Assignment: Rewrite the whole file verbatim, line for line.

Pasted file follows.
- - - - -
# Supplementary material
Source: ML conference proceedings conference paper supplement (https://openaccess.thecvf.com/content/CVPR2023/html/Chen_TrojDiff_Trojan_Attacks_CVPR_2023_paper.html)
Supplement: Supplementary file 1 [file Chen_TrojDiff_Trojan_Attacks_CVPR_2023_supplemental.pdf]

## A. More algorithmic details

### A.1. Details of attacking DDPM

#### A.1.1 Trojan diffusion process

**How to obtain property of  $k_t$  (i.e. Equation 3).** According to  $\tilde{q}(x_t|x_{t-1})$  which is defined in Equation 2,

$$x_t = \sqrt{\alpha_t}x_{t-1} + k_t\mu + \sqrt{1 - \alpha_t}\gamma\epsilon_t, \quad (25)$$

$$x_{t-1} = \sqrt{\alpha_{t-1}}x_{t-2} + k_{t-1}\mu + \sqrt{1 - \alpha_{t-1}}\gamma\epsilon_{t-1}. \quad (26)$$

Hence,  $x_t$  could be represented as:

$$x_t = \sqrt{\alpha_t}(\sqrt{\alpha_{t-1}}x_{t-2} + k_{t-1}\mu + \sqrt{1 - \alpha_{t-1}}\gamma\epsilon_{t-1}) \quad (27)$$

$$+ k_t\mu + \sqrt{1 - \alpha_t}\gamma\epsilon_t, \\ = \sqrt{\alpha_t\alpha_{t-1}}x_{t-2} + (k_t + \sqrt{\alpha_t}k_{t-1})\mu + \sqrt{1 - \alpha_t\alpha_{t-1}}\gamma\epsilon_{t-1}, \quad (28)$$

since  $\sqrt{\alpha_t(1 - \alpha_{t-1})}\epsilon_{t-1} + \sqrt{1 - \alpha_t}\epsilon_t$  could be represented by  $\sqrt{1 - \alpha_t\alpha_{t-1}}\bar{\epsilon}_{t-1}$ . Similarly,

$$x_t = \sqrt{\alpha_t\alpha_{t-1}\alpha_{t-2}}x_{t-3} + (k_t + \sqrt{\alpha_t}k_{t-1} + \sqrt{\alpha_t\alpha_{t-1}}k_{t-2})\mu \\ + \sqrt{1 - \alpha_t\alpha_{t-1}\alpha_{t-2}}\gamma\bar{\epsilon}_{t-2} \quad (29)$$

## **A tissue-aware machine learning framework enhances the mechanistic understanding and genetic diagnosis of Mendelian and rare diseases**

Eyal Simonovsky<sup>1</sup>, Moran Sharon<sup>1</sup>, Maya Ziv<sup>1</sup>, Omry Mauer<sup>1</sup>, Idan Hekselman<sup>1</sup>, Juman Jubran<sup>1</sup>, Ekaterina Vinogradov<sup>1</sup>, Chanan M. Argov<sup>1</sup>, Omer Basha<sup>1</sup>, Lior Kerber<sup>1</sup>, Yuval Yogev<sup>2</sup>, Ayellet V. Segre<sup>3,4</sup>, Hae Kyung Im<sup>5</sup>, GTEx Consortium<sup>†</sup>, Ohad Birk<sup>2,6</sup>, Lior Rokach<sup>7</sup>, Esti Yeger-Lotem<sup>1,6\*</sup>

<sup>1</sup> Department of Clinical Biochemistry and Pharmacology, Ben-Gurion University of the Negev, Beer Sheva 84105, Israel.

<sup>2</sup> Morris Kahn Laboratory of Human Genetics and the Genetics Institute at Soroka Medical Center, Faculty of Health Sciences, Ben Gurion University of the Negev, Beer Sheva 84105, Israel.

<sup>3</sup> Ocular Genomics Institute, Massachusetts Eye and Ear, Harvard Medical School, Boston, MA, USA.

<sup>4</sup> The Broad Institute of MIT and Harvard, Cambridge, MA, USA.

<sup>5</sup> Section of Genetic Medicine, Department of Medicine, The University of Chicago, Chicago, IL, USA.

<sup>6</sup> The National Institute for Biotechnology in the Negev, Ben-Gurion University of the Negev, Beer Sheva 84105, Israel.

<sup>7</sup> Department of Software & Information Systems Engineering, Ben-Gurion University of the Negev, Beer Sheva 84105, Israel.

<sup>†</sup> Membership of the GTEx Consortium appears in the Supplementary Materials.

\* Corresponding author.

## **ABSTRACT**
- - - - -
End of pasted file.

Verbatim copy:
# Supplementary material
Source: ML conference proceedings conference paper supplement (https://openaccess.thecvf.com/content/CVPR2023/html/Chen_TrojDiff_Trojan_Attacks_CVPR_2023_paper.html)
Supplement: Supplementary file 1 [file Chen_TrojDiff_Trojan_Attacks_CVPR_2023_supplemental.pdf]

## A. More algorithmic details

### A.1. Details of attacking DDPM

#### A.1.1 Trojan diffusion process

**How to obtain property of  $k_t$  (i.e. Equation 3).** According to  $\tilde{q}(x_t|x_{t-1})$  which is defined in Equation 2,

$$x_t = \sqrt{\alpha_t}x_{t-1} + k_t\mu + \sqrt{1 - \alpha_t}\gamma\epsilon_t, \quad (25)$$

$$x_{t-1} = \sqrt{\alpha_{t-1}}x_{t-2} + k_{t-1}\mu + \sqrt{1 - \alpha_{t-1}}\gamma\epsilon_{t-1}. \quad (26)$$

Hence,  $x_t$  could be represented as:

$$x_t = \sqrt{\alpha_t}(\sqrt{\alpha_{t-1}}x_{t-2} + k_{t-1}\mu + \sqrt{1 - \alpha_{t-1}}\gamma\epsilon_{t-1}) \quad (27)$$

$$+ k_t\mu + \sqrt{1 - \alpha_t}\gamma\epsilon_t, \\ = \sqrt{\alpha_t\alpha_{t-1}}x_{t-2} + (k_t + \sqrt{\alpha_t}k_{t-1})\mu + \sqrt{1 - \alpha_t\alpha_{t-1}}\gamma\epsilon_{t-1}, \quad (28)$$

since  $\sqrt{\alpha_t(1 - \alpha_{t-1})}\epsilon_{t-1} + \sqrt{1 - \alpha_t}\epsilon_t$  could be represented by  $\sqrt{1 - \alpha_t\alpha_{t-1}}\bar{\epsilon}_{t-1}$ . Similarly,

$$x_t = \sqrt{\alpha_t\alpha_{t-1}\alpha_{t-2}}x_{t-3} + (k_t + \sqrt{\alpha_t}k_{t-1} + \sqrt{\alpha_t\alpha_{t-1}}k_{t-2})\mu \\ + \sqrt{1 - \alpha_t\alpha_{t-1}\alpha_{t-2}}\gamma\bar{\epsilon}_{t-2} \quad (29)$$

## **A tissue-aware machine learning framework enhances the mechanistic understanding and genetic diagnosis of Mendelian and rare diseases**

Eyal Simonovsky<sup>1</sup>, Moran Sharon<sup>1</sup>, Maya Ziv<sup>1</sup>, Omry Mauer<sup>1</sup>, Idan Hekselman<sup>1</sup>, Juman Jubran<sup>1</sup>, Ekaterina Vinogradov<sup>1</sup>, Chanan M. Argov<sup>1</sup>, Omer Basha<sup>1</sup>, Lior Kerber<sup>1</sup>, Yuval Yogev<sup>2</sup>, Ayellet V. Segre<sup>3,4</sup>, Hae Kyung Im<sup>5</sup>, GTEx Consortium<sup>†</sup>, Ohad Birk<sup>2,6</sup>, Lior Rokach<sup>7</sup>, Esti Yeger-Lotem<sup>1,6\*</sup>

<sup>1</sup> Department of Clinical Biochemistry and Pharmacology, Ben-Gurion University of the Negev, Beer Sheva 84105, Israel.

<sup>2</sup> Morris Kahn Laboratory of Human Genetics and the Genetics Institute at Soroka Medical Center, Faculty of Health Sciences, Ben Gurion University of the Negev, Beer Sheva 84105, Israel.

<sup>3</sup> Ocular Genomics Institute, Massachusetts Eye and Ear, Harvard Medical School, Boston, MA, USA.

<sup>4</sup> The Broad Institute of MIT and Harvard, Cambridge, MA, USA.

<sup>5</sup> Section of Genetic Medicine, Department of Medicine, The University of Chicago, Chicago, IL, USA.

<sup>6</sup> The National Institute for Biotechnology in the Negev, Ben-Gurion University of the Negev, Beer Sheva 84105, Israel.

<sup>7</sup> Department of Software & Information Systems Engineering, Ben-Gurion University of the Negev, Beer Sheva 84105, Israel.

<sup>†</sup> Membership of the GTEx Consortium appears in the Supplementary Materials.

\* Corresponding author.

## **ABSTRACT**